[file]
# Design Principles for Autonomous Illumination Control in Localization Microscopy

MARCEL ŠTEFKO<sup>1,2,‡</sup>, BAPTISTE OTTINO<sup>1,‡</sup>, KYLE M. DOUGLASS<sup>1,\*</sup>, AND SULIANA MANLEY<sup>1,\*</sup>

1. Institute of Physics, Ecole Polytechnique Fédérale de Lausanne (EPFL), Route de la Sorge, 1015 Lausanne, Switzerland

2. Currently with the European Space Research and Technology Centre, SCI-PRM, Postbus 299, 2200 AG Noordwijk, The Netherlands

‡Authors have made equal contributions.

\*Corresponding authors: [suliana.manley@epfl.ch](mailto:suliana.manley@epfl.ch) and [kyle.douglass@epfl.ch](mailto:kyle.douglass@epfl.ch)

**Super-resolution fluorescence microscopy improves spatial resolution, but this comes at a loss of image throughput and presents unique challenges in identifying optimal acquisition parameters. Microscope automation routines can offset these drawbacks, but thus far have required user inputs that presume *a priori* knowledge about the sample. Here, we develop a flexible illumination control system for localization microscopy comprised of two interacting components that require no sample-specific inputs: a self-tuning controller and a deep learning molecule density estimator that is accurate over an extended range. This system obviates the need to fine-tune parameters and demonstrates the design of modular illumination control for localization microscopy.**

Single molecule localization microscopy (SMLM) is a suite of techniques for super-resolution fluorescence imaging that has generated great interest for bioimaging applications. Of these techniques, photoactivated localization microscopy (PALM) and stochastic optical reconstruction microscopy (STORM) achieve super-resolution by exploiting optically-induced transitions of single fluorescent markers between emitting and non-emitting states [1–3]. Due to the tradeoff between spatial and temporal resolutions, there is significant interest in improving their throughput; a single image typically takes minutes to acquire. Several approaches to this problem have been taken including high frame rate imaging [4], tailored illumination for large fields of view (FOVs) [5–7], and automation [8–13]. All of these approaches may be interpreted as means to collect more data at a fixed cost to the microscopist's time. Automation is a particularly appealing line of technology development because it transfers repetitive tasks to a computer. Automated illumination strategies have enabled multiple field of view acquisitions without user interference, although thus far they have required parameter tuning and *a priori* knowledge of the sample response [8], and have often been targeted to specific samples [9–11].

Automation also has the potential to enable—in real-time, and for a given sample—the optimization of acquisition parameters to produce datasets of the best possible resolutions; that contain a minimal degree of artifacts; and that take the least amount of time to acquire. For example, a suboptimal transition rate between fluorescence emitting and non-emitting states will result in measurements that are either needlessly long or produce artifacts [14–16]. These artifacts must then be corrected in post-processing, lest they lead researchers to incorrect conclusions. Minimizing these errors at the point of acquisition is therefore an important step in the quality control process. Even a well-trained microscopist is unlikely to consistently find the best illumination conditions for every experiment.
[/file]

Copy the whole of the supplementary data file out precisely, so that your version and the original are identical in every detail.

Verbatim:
# Design Principles for Autonomous Illumination Control in Localization Microscopy

MARCEL ŠTEFKO<sup>1,2,‡</sup>, BAPTISTE OTTINO<sup>1,‡</sup>, KYLE M. DOUGLASS<sup>1,\*</sup>, AND SULIANA MANLEY<sup>1,\*</sup>

1. Institute of Physics, Ecole Polytechnique Fédérale de Lausanne (EPFL), Route de la Sorge, 1015 Lausanne, Switzerland

2. Currently with the European Space Research and Technology Centre, SCI-PRM, Postbus 299, 2200 AG Noordwijk, The Netherlands

‡Authors have made equal contributions.

\*Corresponding authors: [suliana.manley@epfl.ch](mailto:suliana.manley@epfl.ch) and [kyle.douglass@epfl.ch](mailto:kyle.douglass@epfl.ch)

**Super-resolution fluorescence microscopy improves spatial resolution, but this comes at a loss of image throughput and presents unique challenges in identifying optimal acquisition parameters. Microscope automation routines can offset these drawbacks, but thus far have required user inputs that presume *a priori* knowledge about the sample. Here, we develop a flexible illumination control system for localization microscopy comprised of two interacting components that require no sample-specific inputs: a self-tuning controller and a deep learning molecule density estimator that is accurate over an extended range. This system obviates the need to fine-tune parameters and demonstrates the design of modular illumination control for localization microscopy.**

Single molecule localization microscopy (SMLM) is a suite of techniques for super-resolution fluorescence imaging that has generated great interest for bioimaging applications. Of these techniques, photoactivated localization microscopy (PALM) and stochastic optical reconstruction microscopy (STORM) achieve super-resolution by exploiting optically-induced transitions of single fluorescent markers between emitting and non-emitting states [1–3]. Due to the tradeoff between spatial and temporal resolutions, there is significant interest in improving their throughput; a single image typically takes minutes to acquire. Several approaches to this problem have been taken including high frame rate imaging [4], tailored illumination for large fields of view (FOVs) [5–7], and automation [8–13]. All of these approaches may be interpreted as means to collect more data at a fixed cost to the microscopist's time. Automation is a particularly appealing line of technology development because it transfers repetitive tasks to a computer. Automated illumination strategies have enabled multiple field of view acquisitions without user interference, although thus far they have required parameter tuning and *a priori* knowledge of the sample response [8], and have often been targeted to specific samples [9–11].

Automation also has the potential to enable—in real-time, and for a given sample—the optimization of acquisition parameters to produce datasets of the best possible resolutions; that contain a minimal degree of artifacts; and that take the least amount of time to acquire. For example, a suboptimal transition rate between fluorescence emitting and non-emitting states will result in measurements that are either needlessly long or produce artifacts [14–16]. These artifacts must then be corrected in post-processing, lest they lead researchers to incorrect conclusions. Minimizing these errors at the point of acquisition is therefore an important step in the quality control process. Even a well-trained microscopist is unlikely to consistently find the best illumination conditions for every experiment.